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"He's Clearly Lost": Hikers Criticize McAuliffe’s Policy Towards Virginia Pipeline Projects 

click to enlarge Mike Tidwell, director of Chesapeake Climate Action Network, speaks to hikers and environmental advocates who oppose the proposed Atlantic Coast and Mountain Valley pipelines.

Scott Elmquist

Mike Tidwell, director of Chesapeake Climate Action Network, speaks to hikers and environmental advocates who oppose the proposed Atlantic Coast and Mountain Valley pipelines.

While President Donald Trump rolls back federal environmental regulations and climate commitments, some people are looking to states and municipalities to take a stand.

The jury’s out on Gov. Terry McAuliffe’s stance.

“A year ago, we gave him a grade of a D+,” says Mike Tidwell, founder and director of the Chesapeake Climate Action Network. “I think maybe he’s up to a C-, but I think his legacy — if the pipelines are built — he’ll be remembered for the pipelines.”

Tidwell was one of many hikers and environmental advocates who came to Capitol Square on Friday asking McAuliffe to reconsider his support for the Atlantic Coast and Mountain Valley pipelines. The natural gas pipelines would cover hundreds of miles in Virginia and cross the Appalachian Trail in two places. Opponents say that, by removing 38 miles of mountaintops in Virginia and West Virginia, the pipelines would ruin views and threaten water supplies along the way.

“We have a governor that has taken many positive steps toward the clean energy and safety of Virginia,” said Jessica Sims of Midlothian. “It is especially frustrating for the narrative coming from Gov. McAuliffe to be that he is helpless or unwilling to help in the fight against these pipelines.”

McAuliffe’s spokesman, Brian Coy, says fighting climate change and the pipelines are not mutually incompatible. “Natural gas is a much cleaner fuel than coal,” he says. “[It] was a significant part of the Obama administration’s vision for moving away from fossil fuels and generating cleaner energy.”

Coy notes that the governor has done more to advance solar and other renewable energies than any other governor and calls natural gas an energy “bridge.”

Environmental and progressive groups have lately praised several of McAuliffe’s moves. The governor announced a plan on May 16 to cap carbon in Virginia to combat climate change, and he’s joined a growing group of states committed to upholding the international Paris Climate Agreement that Trump backed out of.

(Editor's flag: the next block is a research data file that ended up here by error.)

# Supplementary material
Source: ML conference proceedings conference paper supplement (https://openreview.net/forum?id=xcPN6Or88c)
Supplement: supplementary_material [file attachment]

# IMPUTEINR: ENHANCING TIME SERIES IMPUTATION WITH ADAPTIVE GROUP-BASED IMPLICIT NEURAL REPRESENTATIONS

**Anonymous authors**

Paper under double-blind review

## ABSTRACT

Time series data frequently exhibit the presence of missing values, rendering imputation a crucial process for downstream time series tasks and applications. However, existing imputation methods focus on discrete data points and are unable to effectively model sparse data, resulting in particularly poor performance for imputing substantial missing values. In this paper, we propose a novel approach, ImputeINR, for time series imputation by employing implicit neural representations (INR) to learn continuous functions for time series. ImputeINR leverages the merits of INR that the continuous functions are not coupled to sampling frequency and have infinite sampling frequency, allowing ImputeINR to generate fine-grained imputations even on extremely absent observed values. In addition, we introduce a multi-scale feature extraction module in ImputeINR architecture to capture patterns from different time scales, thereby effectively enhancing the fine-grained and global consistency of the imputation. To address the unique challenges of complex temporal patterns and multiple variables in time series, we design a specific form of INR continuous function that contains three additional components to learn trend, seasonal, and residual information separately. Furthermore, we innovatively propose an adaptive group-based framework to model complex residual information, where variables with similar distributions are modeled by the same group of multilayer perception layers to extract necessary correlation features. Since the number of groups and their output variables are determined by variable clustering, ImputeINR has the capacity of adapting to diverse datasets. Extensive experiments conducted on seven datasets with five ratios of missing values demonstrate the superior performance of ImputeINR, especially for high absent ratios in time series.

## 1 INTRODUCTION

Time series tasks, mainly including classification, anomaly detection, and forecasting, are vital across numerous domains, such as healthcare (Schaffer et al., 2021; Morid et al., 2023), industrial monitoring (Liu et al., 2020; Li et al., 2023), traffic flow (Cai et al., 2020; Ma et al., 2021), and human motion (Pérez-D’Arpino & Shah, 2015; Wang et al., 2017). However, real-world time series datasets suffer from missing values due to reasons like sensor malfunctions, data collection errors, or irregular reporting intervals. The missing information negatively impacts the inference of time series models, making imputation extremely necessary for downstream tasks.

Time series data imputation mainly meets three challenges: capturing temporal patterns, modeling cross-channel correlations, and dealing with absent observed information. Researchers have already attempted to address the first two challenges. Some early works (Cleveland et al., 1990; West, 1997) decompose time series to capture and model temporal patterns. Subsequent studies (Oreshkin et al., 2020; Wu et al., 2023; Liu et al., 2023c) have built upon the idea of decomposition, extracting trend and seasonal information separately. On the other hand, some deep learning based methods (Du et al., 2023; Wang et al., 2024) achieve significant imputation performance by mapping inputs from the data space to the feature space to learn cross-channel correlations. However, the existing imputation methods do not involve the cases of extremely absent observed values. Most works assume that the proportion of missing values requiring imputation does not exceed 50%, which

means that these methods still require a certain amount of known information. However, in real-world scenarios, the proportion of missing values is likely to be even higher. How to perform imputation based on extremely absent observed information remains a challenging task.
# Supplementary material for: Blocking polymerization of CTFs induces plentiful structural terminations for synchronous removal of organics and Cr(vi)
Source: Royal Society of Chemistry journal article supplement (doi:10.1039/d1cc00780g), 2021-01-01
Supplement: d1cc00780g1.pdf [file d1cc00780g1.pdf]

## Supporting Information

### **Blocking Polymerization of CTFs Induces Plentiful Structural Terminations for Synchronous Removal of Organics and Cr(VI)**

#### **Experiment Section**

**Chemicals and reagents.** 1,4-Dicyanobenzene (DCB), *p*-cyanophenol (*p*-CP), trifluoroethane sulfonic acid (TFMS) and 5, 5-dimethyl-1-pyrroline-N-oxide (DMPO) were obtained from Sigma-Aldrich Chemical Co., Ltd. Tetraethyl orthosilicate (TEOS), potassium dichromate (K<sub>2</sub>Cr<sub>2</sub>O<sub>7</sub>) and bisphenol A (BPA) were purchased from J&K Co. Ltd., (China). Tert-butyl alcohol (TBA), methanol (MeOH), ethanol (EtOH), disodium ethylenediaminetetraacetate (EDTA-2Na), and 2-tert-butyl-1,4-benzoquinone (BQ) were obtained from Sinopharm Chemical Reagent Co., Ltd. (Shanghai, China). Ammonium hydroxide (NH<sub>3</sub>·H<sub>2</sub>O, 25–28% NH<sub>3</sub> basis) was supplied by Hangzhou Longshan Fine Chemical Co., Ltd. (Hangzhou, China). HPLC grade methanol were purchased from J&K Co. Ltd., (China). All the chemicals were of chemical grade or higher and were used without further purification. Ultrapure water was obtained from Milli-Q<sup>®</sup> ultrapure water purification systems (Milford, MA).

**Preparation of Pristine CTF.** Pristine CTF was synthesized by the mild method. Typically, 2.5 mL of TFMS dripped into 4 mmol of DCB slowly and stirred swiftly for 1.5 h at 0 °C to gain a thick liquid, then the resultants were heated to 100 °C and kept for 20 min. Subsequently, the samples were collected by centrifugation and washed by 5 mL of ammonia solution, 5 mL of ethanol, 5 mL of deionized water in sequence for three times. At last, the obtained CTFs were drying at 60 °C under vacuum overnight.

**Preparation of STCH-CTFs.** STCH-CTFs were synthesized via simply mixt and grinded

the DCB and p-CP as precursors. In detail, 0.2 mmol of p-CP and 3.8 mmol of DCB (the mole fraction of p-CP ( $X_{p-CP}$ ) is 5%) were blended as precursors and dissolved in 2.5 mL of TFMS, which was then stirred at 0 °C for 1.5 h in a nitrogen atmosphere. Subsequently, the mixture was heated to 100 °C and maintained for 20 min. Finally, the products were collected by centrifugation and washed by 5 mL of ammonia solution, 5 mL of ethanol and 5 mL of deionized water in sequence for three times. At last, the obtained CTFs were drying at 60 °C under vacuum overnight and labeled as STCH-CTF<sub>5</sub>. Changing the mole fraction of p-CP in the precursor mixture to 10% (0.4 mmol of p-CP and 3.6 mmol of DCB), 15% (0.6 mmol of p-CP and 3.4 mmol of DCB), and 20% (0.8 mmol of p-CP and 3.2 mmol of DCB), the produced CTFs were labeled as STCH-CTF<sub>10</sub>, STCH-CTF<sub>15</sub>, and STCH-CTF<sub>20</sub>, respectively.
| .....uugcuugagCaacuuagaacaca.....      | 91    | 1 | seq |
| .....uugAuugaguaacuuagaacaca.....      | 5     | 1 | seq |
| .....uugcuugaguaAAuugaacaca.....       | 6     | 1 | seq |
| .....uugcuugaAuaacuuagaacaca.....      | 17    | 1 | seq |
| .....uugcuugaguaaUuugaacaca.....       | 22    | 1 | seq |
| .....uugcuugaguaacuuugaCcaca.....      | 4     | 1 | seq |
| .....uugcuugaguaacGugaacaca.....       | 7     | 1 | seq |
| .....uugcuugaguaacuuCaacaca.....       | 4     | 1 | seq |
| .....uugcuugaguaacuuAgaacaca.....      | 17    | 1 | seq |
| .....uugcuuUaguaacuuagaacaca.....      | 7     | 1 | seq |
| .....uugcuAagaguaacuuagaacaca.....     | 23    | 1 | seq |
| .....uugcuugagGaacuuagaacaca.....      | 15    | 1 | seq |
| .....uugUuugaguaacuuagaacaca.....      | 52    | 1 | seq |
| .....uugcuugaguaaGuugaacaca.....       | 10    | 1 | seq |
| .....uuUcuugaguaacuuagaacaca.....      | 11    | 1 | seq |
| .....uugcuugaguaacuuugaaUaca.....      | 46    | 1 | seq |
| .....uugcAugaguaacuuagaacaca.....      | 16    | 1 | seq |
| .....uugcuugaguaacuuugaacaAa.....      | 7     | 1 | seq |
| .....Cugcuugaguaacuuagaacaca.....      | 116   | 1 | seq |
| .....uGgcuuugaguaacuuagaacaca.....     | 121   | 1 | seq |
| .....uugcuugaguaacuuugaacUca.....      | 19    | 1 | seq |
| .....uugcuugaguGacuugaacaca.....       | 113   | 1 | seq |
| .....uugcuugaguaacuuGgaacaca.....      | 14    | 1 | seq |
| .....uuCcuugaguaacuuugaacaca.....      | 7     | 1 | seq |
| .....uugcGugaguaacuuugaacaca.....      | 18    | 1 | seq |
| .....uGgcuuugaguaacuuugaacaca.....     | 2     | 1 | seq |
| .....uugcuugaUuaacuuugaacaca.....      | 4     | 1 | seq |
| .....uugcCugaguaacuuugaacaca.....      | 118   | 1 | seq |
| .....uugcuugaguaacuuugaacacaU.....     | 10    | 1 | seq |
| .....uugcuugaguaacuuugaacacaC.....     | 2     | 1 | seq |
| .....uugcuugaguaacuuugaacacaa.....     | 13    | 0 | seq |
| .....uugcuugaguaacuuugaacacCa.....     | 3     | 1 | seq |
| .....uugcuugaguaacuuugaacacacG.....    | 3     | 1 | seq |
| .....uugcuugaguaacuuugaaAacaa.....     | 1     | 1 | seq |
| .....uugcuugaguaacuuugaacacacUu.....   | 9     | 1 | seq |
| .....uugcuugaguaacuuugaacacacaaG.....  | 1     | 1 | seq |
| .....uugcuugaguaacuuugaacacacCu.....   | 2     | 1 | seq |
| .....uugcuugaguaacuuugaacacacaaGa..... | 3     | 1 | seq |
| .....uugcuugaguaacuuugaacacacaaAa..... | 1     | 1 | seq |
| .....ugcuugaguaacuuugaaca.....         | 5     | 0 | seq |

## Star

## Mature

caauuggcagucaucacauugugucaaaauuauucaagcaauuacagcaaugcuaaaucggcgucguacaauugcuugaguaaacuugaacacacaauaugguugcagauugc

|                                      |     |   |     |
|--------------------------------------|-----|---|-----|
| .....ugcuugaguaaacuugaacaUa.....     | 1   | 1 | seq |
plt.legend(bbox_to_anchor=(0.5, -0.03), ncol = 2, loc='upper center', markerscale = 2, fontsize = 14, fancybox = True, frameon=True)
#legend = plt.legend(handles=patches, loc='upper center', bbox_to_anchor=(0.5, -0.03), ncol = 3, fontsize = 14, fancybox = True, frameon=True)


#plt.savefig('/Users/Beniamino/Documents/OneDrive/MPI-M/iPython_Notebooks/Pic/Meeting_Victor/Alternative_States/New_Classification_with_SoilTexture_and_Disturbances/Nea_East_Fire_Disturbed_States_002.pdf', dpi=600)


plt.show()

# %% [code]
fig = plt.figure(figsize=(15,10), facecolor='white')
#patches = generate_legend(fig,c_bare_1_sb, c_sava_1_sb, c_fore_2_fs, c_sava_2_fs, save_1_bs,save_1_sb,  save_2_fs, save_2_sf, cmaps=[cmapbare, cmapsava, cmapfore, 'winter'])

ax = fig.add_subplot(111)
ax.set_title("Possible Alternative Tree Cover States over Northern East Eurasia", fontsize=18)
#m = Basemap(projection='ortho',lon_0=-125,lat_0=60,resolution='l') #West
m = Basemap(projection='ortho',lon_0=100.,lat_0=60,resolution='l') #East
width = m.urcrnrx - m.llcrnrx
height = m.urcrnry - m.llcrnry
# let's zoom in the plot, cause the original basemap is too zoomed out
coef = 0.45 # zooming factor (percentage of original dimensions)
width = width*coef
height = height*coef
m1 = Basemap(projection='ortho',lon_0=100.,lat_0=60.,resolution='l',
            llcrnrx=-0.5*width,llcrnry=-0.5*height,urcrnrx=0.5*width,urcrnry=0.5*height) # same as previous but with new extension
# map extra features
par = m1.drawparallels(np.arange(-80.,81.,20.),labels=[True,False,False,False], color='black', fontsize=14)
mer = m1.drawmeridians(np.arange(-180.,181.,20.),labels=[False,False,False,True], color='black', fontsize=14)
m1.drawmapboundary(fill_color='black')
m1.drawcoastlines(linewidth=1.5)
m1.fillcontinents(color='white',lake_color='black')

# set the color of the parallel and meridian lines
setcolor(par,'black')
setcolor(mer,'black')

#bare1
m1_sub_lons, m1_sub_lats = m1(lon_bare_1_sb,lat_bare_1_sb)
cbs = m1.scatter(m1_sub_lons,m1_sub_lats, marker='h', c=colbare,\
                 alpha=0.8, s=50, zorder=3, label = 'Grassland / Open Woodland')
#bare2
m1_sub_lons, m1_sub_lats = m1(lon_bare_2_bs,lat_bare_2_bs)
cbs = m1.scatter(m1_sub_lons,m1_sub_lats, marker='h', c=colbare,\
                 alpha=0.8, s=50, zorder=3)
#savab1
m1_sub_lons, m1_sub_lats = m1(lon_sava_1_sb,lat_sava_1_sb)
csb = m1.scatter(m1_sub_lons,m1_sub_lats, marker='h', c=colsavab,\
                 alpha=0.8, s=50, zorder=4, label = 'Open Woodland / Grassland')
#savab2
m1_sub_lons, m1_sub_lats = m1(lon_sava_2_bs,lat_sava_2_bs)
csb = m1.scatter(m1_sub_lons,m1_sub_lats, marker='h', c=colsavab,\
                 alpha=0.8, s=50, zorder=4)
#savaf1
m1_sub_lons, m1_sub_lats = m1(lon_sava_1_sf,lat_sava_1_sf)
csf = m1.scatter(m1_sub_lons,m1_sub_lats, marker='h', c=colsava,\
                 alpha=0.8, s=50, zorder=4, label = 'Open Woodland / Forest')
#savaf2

Like other group leaders, Tidwell applauded the decision, but he called it a late one. “We’ve been asking the governor to do what he did for three years,” he says. “We told him he has a legal ability to do it, and he only did it on his way out in the last few months.”

The carbon plan would be carried out — or jettisoned — by McAuliffe’s successor.

McAuliffe also signed a law last week that delayed power stations’ closure of coal ash ponds. Environmentalists and outdoor groups lauded this, hoping it gave them time to change how coal ash ponds are closed. But another governor will have to enforce those changes as well.

“Again, he could have done this a year ago, and we’d be much further along in the legal fight,” Tidwell says.

Pipeline opponents were dismayed when, on May 24, the Virginia Department of Environmental Quality backpedaled on what many thought were plans to review the hundreds of streams that the pipelines would cross on a case-by-case basis. Instead, it would rely on a blanket permit from the Army Corps of Engineers.

People at Friday’s event called on McAuliffe to review permitting for each stream individually.

The Richmond Times-Dispatch reported in December that McAuliffe was supporting the pipelines to attract three unnamed industrial projects that rely on natural gas. “It has made Virginia more attractive to some large industrial job creators,” Coy says. But some environmentalists see it as Dominion Energy’s influence. The company is one of the backers of the Atlantic Coast Pipeline.

“Today the major question is whether the [Department of Environmental Quality] and the governor will have the courage to stand up to Dominion and do their duty to us,” said Kathleen Johnston on Friday.

Recently, McAuliffe has been adding to his progressive résumé on other hot-button issues: abortion rights, LGBT issues and Trump’s immigration order. And, while rumors about his future political life swirl, another campaign is already feeling the effects of McAuliffe’s environmental stance.

Ralph Northam and Tom Perriello, hopefuls for the Democratic nomination for governor, have taken positions on either side of the chasm. Perriello does not support the pipelines and has pledged not to take campaign money from Dominion. Northam is following a more McAuliffe-like path to the nomination on June 13. He supports them, citing the economic opportunity pipelines afford.

Meanwhile, opponents on Friday delivered compasses to McAuliffe’s office. “He’s clearly lost,” Tidwell says.

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